Know the difference between the two types of digestion

When we eat, food passes through many organs before it is effectively digested and transformed into nutrients for our body.

This is because we humans have the complete digestive system. However, there are animals that do not have all the structures of this complex, they are beings that have incomplete digestive system.

In the midst of this, there are still those who do not have any organ responsible for digestion and therefore performs it in the breakdown of food through cells.

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These differences in the digestive process, makes biology divide the types of digestion in two: intracellular and extracellular.

Explaining how each works and citing living beings that perform them will be our task today.

Intracellular digestion: what is it, how does it occur and in which animals is it performed?

In the case of intracellular digestion, the food is absolved by some cavity of a certain animal and within the body there are some processes that are called phagocytosis and pinocytosis.

When cells encompass solid food, there are enzymes present in these particles that break down food and digest it, this is called phagocytosis.

Now, when cells ingest liquids or elements of smaller sizes, we say that pinocytosis has occurred.

Both intracellular digestive processes occur exclusively in protozoan and poriferous phylum organisms, as examples we can mention amoebae and sea sponges, respectively.

The latter, fixed in the sea, manages to acquire food through the water that travels and enters its pores carrying particles that, when they are encompassed by the cells, became nutrients.

Therefore, it is possible to affirm that in these beings the digestion does not occur inside a digestive cavity, but directly in the cells.

Extracellular digestion: what is it, how does it occur and in which animals is it performed?

Both animals that have a complete digestive system and those that have an incomplete digestion perform extracellular digestion. This is due to the passage that the food makes until it is digested.

Unlike what occurs in intracellular digestion, in extracellular everything that is ingested by beings is fragmented within organs, so cells do not play this role directly.

This digestive process emerged as living beings evolved and became more complex. The first animals to present this new system were the coelenterates (from the Greek koilos = hollow + enteron = intestine).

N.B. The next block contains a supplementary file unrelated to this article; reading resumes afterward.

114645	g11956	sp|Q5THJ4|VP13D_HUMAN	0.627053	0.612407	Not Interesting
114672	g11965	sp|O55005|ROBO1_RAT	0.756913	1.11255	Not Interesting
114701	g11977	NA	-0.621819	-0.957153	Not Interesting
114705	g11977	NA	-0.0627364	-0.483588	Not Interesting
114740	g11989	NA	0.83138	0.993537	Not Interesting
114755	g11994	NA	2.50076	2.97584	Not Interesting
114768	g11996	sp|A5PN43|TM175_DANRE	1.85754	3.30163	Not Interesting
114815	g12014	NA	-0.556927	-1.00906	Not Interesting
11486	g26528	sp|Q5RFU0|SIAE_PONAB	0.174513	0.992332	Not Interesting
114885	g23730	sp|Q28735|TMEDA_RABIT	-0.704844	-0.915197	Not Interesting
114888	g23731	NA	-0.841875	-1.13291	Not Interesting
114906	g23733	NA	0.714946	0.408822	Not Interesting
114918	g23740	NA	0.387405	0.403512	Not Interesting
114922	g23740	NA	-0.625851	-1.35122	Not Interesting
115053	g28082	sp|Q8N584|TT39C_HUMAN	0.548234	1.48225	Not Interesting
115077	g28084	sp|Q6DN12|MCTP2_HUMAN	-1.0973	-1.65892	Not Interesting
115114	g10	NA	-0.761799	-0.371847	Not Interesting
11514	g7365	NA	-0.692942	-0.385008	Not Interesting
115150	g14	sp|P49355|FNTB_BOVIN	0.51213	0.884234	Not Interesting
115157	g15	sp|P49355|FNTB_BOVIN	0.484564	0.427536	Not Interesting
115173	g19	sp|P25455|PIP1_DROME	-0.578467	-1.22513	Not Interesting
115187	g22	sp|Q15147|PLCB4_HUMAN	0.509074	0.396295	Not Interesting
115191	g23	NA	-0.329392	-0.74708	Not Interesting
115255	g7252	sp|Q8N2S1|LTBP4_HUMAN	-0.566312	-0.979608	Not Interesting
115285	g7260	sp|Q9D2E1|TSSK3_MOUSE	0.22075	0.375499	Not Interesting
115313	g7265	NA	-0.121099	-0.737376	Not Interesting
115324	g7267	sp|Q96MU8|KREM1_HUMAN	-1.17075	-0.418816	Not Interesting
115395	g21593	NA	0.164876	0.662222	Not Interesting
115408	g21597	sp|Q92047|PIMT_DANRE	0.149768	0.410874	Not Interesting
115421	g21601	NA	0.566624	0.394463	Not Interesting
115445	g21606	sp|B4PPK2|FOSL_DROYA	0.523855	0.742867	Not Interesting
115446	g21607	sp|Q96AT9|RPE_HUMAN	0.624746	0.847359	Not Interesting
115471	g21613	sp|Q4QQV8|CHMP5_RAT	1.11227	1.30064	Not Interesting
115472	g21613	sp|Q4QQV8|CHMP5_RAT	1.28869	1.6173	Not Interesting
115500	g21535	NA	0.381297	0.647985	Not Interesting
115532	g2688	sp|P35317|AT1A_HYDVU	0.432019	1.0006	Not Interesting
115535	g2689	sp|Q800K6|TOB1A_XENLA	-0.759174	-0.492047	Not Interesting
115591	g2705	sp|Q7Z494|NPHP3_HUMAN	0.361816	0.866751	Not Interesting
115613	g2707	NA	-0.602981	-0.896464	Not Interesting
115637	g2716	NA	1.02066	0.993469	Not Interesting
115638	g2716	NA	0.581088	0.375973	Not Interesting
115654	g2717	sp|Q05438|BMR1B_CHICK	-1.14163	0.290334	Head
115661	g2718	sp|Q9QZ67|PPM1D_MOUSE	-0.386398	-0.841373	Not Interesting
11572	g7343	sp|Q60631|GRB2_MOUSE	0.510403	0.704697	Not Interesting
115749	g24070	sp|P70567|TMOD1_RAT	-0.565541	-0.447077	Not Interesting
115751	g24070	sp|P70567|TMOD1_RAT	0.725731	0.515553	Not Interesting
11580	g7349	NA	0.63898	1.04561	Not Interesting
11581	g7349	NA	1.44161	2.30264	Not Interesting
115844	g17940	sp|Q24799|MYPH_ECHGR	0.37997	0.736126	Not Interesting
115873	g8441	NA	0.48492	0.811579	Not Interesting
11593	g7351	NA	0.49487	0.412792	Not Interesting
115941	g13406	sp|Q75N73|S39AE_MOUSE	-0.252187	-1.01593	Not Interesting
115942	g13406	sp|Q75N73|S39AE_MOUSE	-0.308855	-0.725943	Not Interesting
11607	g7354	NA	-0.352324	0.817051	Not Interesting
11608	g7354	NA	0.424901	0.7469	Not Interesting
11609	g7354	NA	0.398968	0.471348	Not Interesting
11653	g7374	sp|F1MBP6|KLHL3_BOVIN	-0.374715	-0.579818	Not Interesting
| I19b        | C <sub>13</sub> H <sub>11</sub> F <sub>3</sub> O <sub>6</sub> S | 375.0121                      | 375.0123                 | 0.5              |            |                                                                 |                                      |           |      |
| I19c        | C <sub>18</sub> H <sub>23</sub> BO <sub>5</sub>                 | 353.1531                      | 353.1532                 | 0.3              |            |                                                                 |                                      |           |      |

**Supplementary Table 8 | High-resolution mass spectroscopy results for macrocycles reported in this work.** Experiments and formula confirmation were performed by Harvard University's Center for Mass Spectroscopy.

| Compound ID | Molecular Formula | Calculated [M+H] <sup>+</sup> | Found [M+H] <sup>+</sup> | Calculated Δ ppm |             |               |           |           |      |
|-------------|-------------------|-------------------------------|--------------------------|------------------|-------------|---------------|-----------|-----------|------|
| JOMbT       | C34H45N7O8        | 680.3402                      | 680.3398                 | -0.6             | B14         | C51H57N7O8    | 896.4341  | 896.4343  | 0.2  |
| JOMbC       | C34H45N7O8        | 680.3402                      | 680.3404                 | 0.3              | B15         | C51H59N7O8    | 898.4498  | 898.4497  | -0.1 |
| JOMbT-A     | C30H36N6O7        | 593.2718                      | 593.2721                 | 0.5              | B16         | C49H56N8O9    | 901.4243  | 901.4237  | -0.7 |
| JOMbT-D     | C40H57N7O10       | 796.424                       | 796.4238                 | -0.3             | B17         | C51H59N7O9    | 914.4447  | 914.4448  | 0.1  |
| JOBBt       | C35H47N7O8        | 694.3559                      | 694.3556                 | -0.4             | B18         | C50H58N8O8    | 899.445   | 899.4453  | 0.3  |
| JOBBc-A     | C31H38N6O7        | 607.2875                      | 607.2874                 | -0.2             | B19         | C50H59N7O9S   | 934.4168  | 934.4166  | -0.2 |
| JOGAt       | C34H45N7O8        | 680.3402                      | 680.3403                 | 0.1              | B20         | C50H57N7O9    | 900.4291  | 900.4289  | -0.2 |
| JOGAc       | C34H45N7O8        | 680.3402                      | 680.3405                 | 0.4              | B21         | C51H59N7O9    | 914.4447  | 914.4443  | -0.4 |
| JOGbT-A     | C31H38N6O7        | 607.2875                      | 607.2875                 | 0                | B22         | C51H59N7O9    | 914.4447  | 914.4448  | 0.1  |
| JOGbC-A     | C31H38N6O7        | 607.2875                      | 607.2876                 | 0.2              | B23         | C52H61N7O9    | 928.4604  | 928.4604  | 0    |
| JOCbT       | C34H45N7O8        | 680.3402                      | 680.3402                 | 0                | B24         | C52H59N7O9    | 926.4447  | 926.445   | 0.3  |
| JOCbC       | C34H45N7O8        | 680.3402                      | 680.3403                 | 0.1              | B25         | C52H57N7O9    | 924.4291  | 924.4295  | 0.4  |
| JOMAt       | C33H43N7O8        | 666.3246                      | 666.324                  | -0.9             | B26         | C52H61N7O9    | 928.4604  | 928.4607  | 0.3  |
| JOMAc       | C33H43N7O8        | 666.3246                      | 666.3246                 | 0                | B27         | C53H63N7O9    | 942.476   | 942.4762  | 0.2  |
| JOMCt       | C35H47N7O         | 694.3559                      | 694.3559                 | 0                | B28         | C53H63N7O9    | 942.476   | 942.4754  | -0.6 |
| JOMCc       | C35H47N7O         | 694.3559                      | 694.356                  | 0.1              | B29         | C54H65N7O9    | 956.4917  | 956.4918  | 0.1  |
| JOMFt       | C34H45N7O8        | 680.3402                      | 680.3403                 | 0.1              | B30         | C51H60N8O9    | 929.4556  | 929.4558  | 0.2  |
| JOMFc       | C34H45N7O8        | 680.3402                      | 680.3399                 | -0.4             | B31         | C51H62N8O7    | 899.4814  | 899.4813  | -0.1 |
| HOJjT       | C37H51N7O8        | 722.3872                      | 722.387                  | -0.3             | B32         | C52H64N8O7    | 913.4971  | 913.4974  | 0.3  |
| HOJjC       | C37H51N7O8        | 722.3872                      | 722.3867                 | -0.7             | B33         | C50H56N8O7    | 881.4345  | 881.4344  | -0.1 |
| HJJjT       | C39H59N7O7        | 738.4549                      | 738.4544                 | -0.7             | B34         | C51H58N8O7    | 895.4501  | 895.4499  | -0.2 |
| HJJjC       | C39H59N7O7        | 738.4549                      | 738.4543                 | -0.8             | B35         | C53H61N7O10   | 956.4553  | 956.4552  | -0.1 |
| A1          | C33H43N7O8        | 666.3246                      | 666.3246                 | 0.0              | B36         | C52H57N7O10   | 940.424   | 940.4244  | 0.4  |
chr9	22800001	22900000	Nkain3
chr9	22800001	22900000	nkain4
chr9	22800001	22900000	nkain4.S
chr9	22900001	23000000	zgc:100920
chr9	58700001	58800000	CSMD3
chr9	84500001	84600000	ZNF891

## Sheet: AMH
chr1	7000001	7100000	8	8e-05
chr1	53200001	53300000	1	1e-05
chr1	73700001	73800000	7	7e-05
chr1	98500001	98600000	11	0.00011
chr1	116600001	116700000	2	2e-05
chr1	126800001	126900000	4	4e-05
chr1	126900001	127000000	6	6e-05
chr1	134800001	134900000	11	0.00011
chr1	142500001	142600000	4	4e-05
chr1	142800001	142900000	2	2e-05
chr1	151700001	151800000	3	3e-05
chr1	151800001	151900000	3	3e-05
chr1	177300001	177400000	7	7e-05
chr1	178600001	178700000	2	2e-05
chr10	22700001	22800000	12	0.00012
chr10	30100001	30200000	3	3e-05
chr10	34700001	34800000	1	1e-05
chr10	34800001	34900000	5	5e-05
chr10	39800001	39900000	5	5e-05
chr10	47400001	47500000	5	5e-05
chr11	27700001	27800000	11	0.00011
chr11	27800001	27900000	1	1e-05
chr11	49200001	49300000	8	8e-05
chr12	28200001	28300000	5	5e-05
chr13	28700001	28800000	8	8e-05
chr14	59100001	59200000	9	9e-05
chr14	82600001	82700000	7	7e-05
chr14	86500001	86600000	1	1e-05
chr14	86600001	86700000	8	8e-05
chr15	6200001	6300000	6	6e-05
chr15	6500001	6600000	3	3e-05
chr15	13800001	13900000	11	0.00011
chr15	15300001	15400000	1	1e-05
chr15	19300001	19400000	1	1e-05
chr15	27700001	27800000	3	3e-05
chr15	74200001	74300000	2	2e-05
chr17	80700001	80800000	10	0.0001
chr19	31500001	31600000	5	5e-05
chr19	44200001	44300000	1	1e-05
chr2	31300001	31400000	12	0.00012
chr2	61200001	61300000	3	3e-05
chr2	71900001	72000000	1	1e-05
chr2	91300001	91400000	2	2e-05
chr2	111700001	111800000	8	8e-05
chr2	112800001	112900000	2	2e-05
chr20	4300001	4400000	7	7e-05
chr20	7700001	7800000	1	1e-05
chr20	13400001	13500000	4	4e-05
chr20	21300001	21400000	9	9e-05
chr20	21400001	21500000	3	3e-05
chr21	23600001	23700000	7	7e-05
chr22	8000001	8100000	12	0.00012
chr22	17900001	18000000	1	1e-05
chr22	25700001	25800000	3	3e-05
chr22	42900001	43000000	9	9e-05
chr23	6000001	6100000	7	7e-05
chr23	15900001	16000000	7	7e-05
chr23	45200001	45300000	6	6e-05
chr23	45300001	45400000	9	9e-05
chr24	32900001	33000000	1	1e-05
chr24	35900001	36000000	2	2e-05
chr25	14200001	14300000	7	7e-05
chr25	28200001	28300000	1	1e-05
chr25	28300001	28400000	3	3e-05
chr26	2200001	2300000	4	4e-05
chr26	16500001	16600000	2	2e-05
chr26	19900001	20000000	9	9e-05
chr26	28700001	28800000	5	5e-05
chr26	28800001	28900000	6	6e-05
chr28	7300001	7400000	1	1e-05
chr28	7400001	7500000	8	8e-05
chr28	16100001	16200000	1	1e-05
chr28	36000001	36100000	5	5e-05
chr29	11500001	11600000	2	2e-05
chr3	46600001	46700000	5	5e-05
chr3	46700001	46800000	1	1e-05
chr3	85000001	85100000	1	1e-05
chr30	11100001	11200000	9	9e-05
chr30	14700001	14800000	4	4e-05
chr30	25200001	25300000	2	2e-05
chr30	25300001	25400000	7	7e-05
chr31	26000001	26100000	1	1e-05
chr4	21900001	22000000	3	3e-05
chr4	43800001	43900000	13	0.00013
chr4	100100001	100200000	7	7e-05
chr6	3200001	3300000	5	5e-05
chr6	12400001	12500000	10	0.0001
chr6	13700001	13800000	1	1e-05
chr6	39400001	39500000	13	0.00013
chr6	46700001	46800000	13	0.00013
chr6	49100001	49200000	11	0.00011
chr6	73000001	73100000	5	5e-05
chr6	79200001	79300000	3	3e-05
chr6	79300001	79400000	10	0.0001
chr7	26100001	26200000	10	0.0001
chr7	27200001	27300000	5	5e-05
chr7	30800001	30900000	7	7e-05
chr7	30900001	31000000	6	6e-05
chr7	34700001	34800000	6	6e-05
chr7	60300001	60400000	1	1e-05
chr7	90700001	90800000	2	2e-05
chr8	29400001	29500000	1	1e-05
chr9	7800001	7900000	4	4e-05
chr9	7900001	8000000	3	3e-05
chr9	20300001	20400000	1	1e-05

However, these beings do not have the complete digestive system, as they lack anus. In this way, with just one opening, the mouth, they receive and eliminate waste.

Examples of celenterates are freshwater hydras, jellyfish and marine corals.

An example of a living being that presents the complete digestive system, we are human beings. We have mouth, pharynx, esophagus, stomach, small intestine, large intestine and anus.

All of these organs have a specific function, thus ensuring a proper functioning of the digestive system.

Human digestive system

Starting with the mouth, where there are teeth and tongue, the food is already being digested. In this first region, it is crushed and a food cake is formed, which is carried by the tongue to the pharynx.

The pharynx serves as a channel for the bolus to reach the esophagus. In this part, peristalsis begins, which are the wave movements produced with the intention of taking food to the stomach.

The bolus when it reaches the stomach receives the action of several agents present in that organ. Initially, it is mixed with gastric juice, this element is composed of hydrochloric acid and enzymes, such as pepsin and renin.

All of these items work with a single objective, to perform the chemification of the bolus, which consists of softening the food, which in this sphere is called chyme.

Once the process is finished in the stomach, the chyme is sent, again through peristaltic movements, to the duodenum, where the liver and pancreas release their substances.

The first organ launches bile, responsible for emulsifying fats. The second produces pancreatic juice, capable of neutralizing the acidity of the chyme. In addition, glands located in the intestinal mucosa provide a secretion that has digestive enzymes.

With all these processes, the chyme turns into a kilo, or in other words, the food cake turned into water and minerals.

After being transformed, they go through the absorption and distribution process through the small intestine, leaving only a part of the water and residues that are already considered feces and therefore sent to the large intestine and eliminated through the anus.

Extracellular and intracellular digestion

The cnidarians and in most of the flatworms a particular case occurs, that is to say the two processes. This is because the food ingested by these beings is made, initially in the light of the tube, thus being extracellular.

However, then, there is the inclusion of micromolecules for the end of digestion, causing intracellular digestion. As an example we can mention the planaria.

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